A 19-year-old female presents to the emergency department complaining of 48 hours of worsening, stabbing left lower quadrant abdominal pain. The patient notes an intermittent, foul-smelling vaginal discharge for the past week. She also endorses fever, nausea, vomiting, dyspareunia, dysuria, and generalized fatigue. The patient is sexually active with one male partner and uses combination OCPs in conjunction with inconsistent utilization of condoms. She denies vaginal bleeding, fevers, jaundice, vomiting, constipation, or diarrhea. Her last menstrual period (LMP) ended 16 days ago and was typical of her usual menses. The patient has a history of menarche at 14 and coitarche at 17. She denies any use of tobacco but admits intermittent alcohol and marijuana use. She has no past medical or relevant family history. There are no known drug allergies.
Physical exam reveals a well-developed female in mild discomfort but no acute distress. Her vitals are unremarkable except for a temperature of 38.5 and a heart rate of 102. Her abdominal exam reveals moderate tenderness to palpation, worse in the left lower quadrant, with no rebound tenderness. There is no costovertebral angle tenderness, Rovsing sign or McBurney point tenderness. External genitalia is unremarkable. A pelvic exam demonstrates foul purulent discharge in the vaginal vault emanating from the cervical os with no visible blood products. Cervical motion tenderness and pain on palpation of bilateral adnexa are present. Left adnexa is more tender and has a palpable mass on it.
In case you didn’t encounter an elderly with abdominal pain today!
A 72-year-old male patient presented with mild abdominal pain. BP: 145/68 mmHg, HR: 83 bpm, RR: 16/min, T: 37, SpO2: 98% in room air. He has a history of hypertension and diabetes mellitus around 25 years. On the exam, you appreciated a pulsatile mass and checked for the aorta with bedside ultrasound. Here is the cine record of the patient.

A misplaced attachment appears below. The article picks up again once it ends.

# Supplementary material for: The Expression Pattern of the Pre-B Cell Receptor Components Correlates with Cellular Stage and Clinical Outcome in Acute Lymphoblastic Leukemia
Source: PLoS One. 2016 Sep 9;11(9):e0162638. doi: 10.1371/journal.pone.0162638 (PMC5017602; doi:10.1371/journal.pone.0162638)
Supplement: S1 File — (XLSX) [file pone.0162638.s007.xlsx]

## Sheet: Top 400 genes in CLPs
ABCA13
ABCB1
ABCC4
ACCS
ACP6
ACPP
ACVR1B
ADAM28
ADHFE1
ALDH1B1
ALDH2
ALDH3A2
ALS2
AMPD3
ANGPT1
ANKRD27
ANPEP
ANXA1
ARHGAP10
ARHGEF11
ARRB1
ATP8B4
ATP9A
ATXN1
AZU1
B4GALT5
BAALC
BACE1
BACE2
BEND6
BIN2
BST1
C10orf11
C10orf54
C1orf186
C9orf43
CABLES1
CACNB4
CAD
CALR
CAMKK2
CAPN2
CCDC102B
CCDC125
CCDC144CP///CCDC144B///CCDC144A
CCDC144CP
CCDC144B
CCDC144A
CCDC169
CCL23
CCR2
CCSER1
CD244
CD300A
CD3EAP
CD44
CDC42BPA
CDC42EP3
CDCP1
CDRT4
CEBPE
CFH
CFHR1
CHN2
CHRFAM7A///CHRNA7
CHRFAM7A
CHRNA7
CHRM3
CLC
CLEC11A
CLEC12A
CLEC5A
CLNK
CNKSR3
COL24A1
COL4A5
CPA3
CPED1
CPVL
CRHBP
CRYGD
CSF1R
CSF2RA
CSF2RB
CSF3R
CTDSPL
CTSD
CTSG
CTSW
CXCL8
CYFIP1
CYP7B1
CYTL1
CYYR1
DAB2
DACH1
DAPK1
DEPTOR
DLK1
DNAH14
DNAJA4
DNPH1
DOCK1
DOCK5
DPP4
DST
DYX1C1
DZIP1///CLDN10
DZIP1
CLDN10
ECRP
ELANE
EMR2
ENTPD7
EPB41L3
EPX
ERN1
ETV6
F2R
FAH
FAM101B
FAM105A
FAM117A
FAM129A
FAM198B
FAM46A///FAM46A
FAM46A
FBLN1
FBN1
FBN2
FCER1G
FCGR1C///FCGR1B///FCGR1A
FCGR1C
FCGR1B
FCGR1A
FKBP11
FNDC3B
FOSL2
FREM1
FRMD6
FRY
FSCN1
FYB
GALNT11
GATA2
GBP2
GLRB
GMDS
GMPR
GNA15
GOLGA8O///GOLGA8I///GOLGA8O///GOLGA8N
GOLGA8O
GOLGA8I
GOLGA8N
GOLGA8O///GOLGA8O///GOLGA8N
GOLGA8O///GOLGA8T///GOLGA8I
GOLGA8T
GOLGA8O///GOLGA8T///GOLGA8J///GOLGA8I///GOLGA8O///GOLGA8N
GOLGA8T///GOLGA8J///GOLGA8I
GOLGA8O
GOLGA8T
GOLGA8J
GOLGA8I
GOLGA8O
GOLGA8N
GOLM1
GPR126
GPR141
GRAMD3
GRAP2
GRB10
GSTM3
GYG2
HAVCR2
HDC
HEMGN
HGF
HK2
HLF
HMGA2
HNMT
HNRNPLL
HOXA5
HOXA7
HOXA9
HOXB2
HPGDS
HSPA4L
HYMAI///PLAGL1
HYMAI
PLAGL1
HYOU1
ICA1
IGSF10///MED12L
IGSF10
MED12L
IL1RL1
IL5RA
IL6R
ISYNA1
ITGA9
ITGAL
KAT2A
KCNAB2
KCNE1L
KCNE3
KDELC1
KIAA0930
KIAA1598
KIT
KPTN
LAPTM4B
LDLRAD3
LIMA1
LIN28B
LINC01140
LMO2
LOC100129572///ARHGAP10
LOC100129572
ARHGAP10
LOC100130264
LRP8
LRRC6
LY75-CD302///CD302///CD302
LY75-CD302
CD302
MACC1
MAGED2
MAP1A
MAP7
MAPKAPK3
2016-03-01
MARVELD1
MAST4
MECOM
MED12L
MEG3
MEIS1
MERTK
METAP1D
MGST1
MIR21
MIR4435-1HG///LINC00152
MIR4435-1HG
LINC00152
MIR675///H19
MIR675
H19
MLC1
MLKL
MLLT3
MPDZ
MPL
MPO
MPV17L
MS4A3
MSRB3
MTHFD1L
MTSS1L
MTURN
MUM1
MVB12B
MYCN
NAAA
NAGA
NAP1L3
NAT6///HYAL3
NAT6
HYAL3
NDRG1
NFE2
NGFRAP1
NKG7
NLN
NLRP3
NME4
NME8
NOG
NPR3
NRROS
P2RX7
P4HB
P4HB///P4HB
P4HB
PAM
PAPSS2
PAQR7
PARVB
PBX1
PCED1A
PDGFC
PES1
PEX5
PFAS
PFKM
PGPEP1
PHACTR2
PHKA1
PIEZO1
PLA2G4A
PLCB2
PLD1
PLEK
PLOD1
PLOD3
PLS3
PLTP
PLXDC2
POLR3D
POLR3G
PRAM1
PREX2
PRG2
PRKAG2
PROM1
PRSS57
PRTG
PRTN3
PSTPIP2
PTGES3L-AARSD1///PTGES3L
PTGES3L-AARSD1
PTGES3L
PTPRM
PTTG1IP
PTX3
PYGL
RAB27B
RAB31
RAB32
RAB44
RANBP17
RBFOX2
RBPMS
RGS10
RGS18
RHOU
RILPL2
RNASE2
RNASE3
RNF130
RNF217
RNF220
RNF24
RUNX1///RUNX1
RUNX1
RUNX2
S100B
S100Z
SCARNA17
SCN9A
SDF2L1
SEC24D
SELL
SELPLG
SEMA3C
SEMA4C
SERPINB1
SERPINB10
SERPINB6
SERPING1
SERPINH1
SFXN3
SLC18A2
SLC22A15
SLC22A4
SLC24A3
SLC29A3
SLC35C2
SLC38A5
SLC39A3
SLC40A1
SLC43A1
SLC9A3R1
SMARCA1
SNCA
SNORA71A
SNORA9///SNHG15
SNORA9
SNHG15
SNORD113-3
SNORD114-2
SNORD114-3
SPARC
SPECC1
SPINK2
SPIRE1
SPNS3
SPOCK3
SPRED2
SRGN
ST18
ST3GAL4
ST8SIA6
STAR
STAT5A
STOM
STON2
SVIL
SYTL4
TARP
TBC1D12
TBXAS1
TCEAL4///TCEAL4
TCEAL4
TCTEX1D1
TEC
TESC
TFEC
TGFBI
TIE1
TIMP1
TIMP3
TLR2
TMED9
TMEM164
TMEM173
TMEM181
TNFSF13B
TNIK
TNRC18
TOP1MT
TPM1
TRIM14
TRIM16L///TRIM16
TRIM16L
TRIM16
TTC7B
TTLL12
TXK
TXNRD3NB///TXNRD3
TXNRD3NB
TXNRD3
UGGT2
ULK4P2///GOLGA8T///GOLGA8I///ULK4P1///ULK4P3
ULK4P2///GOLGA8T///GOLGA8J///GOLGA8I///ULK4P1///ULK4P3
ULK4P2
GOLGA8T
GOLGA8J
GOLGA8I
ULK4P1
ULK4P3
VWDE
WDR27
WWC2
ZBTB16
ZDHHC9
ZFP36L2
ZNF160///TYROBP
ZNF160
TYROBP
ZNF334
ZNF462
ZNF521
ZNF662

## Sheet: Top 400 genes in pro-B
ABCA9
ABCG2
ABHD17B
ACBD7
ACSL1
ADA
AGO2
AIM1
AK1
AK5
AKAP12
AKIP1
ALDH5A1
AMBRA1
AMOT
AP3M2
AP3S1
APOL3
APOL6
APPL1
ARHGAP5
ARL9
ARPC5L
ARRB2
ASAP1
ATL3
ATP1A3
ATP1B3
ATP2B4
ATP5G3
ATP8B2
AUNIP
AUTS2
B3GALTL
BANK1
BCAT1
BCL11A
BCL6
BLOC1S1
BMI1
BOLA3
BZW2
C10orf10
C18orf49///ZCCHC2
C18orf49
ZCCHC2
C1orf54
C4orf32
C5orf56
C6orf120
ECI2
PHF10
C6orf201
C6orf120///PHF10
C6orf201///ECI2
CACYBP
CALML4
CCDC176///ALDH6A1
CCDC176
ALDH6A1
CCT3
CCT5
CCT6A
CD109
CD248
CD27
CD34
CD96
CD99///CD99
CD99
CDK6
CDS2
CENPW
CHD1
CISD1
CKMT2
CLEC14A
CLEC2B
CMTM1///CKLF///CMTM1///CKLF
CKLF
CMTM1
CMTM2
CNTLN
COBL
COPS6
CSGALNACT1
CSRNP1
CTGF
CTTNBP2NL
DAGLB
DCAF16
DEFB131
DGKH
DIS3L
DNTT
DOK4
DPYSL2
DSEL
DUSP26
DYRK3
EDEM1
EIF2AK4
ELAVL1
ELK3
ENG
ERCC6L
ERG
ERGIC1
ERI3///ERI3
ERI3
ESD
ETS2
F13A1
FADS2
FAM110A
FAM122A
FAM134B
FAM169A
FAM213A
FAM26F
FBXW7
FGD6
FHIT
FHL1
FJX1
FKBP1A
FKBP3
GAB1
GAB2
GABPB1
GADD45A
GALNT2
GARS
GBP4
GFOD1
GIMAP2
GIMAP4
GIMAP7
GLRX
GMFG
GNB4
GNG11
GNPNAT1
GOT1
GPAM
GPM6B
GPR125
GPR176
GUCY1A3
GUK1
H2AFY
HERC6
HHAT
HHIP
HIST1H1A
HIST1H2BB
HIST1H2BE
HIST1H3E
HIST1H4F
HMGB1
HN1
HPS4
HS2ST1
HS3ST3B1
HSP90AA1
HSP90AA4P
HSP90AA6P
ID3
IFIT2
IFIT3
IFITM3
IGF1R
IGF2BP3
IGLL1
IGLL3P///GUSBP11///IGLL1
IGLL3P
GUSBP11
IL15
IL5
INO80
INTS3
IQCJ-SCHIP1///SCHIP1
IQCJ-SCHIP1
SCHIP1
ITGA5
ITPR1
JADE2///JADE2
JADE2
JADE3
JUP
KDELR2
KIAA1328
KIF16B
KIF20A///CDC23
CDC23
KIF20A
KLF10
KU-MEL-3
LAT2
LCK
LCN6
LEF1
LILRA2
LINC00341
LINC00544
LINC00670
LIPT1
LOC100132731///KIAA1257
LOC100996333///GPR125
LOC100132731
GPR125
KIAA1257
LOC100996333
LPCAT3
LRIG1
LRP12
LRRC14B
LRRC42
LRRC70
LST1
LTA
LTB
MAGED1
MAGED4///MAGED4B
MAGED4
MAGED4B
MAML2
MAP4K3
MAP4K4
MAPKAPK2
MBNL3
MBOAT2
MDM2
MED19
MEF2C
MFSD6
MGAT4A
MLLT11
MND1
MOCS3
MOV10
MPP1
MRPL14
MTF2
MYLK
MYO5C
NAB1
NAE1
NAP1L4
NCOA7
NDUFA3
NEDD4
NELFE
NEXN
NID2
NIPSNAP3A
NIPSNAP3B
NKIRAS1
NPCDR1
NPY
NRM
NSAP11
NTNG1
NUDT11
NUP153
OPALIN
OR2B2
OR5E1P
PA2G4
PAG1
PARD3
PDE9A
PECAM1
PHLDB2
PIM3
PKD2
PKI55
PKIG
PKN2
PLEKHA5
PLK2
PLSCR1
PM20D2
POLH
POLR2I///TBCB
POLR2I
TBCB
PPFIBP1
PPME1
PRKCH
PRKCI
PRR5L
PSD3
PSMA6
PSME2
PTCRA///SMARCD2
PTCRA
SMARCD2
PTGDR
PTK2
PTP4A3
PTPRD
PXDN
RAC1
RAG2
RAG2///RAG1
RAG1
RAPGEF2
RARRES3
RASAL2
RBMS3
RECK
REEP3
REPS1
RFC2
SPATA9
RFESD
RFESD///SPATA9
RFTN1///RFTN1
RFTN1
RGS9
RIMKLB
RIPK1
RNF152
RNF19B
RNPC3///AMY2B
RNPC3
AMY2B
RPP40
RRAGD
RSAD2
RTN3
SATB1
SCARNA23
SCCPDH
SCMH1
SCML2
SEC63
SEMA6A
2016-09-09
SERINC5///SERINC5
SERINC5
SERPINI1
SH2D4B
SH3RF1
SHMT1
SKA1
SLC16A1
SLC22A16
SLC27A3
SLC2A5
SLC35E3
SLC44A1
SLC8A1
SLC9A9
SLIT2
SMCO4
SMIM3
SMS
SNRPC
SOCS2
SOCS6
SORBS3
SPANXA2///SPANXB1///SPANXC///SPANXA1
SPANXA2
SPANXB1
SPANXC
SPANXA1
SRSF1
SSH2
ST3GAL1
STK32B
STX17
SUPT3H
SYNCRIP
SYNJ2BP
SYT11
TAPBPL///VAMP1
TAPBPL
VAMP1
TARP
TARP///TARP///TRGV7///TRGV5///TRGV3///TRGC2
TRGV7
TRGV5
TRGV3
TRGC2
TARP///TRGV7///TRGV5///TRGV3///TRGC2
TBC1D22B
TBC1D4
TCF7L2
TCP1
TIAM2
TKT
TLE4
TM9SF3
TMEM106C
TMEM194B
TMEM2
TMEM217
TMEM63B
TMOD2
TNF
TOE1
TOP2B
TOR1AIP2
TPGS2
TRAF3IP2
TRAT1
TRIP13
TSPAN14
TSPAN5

What is your next action?
Feel free to give your answers at the comment box below.
A 35-year-old woman presents to the emergency department with right upper quadrant pain of two hours duration. She awoke several hours after eating a large meal. Based on increasing pain and nausea she presents for evaluation. She denies vomiting, fever or dysuria.
Her past history is notable for diet-controlled type II diabetes, dyslipidemia, and essential hypertension. Her BMI is 33. Her only medication is lisinopril 10 mg daily. She has never had surgery. Her social history is unremarkable. She neither drinks alcohol nor uses tobacco. She has begun to diet and reports recent weight loss.
Her temperature is 37ºC, blood pressure: 110 / 70 mm Hg, pulse: 90 beats per minute. Physical exam reveals an overweight female in mild distress secondary to right upper quadrant pain. She cannot find a position of comfort and describes the pain as similar to labor pains. Pertinent exam findings include: chest exam normal, cardiac exam normal, abdominal exam demonstrates normal bowel sounds and no rebound in any quadrant. She has guarding to inspiration with palpation over the gallbladder which called positive Murphy’s sign. Rectal exam normal, stool is hemoccult negative for blood.
Pertinent lab values: glucose 110 mg/dL, alkaline phosphatase 120 U/L, alanine aminotransferase (A.L.T.) 25 U/L, aspartate aminotransferase (A.S.T.) 25 U/L, gamma glutamyl transferase (GGT) 20 U/L, direct bilirubin 0.1 mg/dL, total bilirubin 0.5 mg/dL, lipase 20 U/L.
The emergency physician performs a focused right upper quadrant ultrasound and finds gallstones without associated gallbladder wall thickening or pericholecystic fluid. In addition, the patient has a “sonographic Murphy sign”: there is maximal abdominal tenderness when the ultrasound probe is pressed over the visualized gallbladder.
An I.V. was established, and the patient received an isotonic fluid bolus. In addition, ketorolac 30 mg I.V. and ondansetron 4 mg I.V. were administered.
Over the course of an hour symptoms resolved. Absent evidence of gallbladder inflammation or infection, she was discharged from the emergency department and referred to a general surgeon for elective cholecystectomy. She was advised that her pain might return but if it is prolonged, is associated with fever or jaundice she is to return to the emergency department.